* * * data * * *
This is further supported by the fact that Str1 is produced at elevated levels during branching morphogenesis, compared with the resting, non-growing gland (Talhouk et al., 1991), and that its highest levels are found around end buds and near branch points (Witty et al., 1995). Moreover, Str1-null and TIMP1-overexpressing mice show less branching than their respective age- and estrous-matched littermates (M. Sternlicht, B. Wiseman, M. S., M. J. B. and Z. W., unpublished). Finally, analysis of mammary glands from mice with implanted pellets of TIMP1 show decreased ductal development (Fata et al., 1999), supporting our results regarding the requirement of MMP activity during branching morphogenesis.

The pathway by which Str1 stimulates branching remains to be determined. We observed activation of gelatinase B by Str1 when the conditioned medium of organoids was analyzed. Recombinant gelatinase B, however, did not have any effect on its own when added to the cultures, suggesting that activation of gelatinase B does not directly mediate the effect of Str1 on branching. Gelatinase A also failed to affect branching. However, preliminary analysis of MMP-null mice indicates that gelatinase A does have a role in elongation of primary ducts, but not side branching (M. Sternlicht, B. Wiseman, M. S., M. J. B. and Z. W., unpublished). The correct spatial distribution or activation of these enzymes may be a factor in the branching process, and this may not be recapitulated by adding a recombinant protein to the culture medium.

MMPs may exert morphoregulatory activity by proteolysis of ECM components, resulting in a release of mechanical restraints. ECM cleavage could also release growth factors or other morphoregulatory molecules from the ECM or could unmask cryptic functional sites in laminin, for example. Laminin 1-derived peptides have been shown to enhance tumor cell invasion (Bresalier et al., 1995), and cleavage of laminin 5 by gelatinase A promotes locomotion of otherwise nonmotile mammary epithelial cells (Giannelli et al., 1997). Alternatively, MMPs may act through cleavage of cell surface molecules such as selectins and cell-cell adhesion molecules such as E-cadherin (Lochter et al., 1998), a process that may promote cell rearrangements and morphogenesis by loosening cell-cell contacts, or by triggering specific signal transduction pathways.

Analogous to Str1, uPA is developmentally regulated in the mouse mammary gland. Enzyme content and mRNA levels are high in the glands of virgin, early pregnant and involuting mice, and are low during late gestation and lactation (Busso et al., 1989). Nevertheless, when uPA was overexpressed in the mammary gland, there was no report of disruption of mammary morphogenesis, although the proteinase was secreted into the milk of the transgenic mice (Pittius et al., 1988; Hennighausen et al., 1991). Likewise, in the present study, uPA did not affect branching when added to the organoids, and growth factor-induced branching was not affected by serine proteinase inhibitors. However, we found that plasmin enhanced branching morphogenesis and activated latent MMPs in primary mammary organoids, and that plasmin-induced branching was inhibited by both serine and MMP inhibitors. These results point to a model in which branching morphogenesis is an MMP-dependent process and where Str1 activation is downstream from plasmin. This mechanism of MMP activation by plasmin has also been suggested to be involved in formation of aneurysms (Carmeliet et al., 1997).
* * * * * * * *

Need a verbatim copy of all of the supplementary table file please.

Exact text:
This is further supported by the fact that Str1 is produced at elevated levels during branching morphogenesis, compared with the resting, non-growing gland (Talhouk et al., 1991), and that its highest levels are found around end buds and near branch points (Witty et al., 1995). Moreover, Str1-null and TIMP1-overexpressing mice show less branching than their respective age- and estrous-matched littermates (M. Sternlicht, B. Wiseman, M. S., M. J. B. and Z. W., unpublished). Finally, analysis of mammary glands from mice with implanted pellets of TIMP1 show decreased ductal development (Fata et al., 1999), supporting our results regarding the requirement of MMP activity during branching morphogenesis.

The pathway by which Str1 stimulates branching remains to be determined. We observed activation of gelatinase B by Str1 when the conditioned medium of organoids was analyzed. Recombinant gelatinase B, however, did not have any effect on its own when added to the cultures, suggesting that activation of gelatinase B does not directly mediate the effect of Str1 on branching. Gelatinase A also failed to affect branching. However, preliminary analysis of MMP-null mice indicates that gelatinase A does have a role in elongation of primary ducts, but not side branching (M. Sternlicht, B. Wiseman, M. S., M. J. B. and Z. W., unpublished). The correct spatial distribution or activation of these enzymes may be a factor in the branching process, and this may not be recapitulated by adding a recombinant protein to the culture medium.

MMPs may exert morphoregulatory activity by proteolysis of ECM components, resulting in a release of mechanical restraints. ECM cleavage could also release growth factors or other morphoregulatory molecules from the ECM or could unmask cryptic functional sites in laminin, for example. Laminin 1-derived peptides have been shown to enhance tumor cell invasion (Bresalier et al., 1995), and cleavage of laminin 5 by gelatinase A promotes locomotion of otherwise nonmotile mammary epithelial cells (Giannelli et al., 1997). Alternatively, MMPs may act through cleavage of cell surface molecules such as selectins and cell-cell adhesion molecules such as E-cadherin (Lochter et al., 1998), a process that may promote cell rearrangements and morphogenesis by loosening cell-cell contacts, or by triggering specific signal transduction pathways.

Analogous to Str1, uPA is developmentally regulated in the mouse mammary gland. Enzyme content and mRNA levels are high in the glands of virgin, early pregnant and involuting mice, and are low during late gestation and lactation (Busso et al., 1989). Nevertheless, when uPA was overexpressed in the mammary gland, there was no report of disruption of mammary morphogenesis, although the proteinase was secreted into the milk of the transgenic mice (Pittius et al., 1988; Hennighausen et al., 1991). Likewise, in the present study, uPA did not affect branching when added to the organoids, and growth factor-induced branching was not affected by serine proteinase inhibitors. However, we found that plasmin enhanced branching morphogenesis and activated latent MMPs in primary mammary organoids, and that plasmin-induced branching was inhibited by both serine and MMP inhibitors. These results point to a model in which branching morphogenesis is an MMP-dependent process and where Str1 activation is downstream from plasmin. This mechanism of MMP activation by plasmin has also been suggested to be involved in formation of aneurysms (Carmeliet et al., 1997).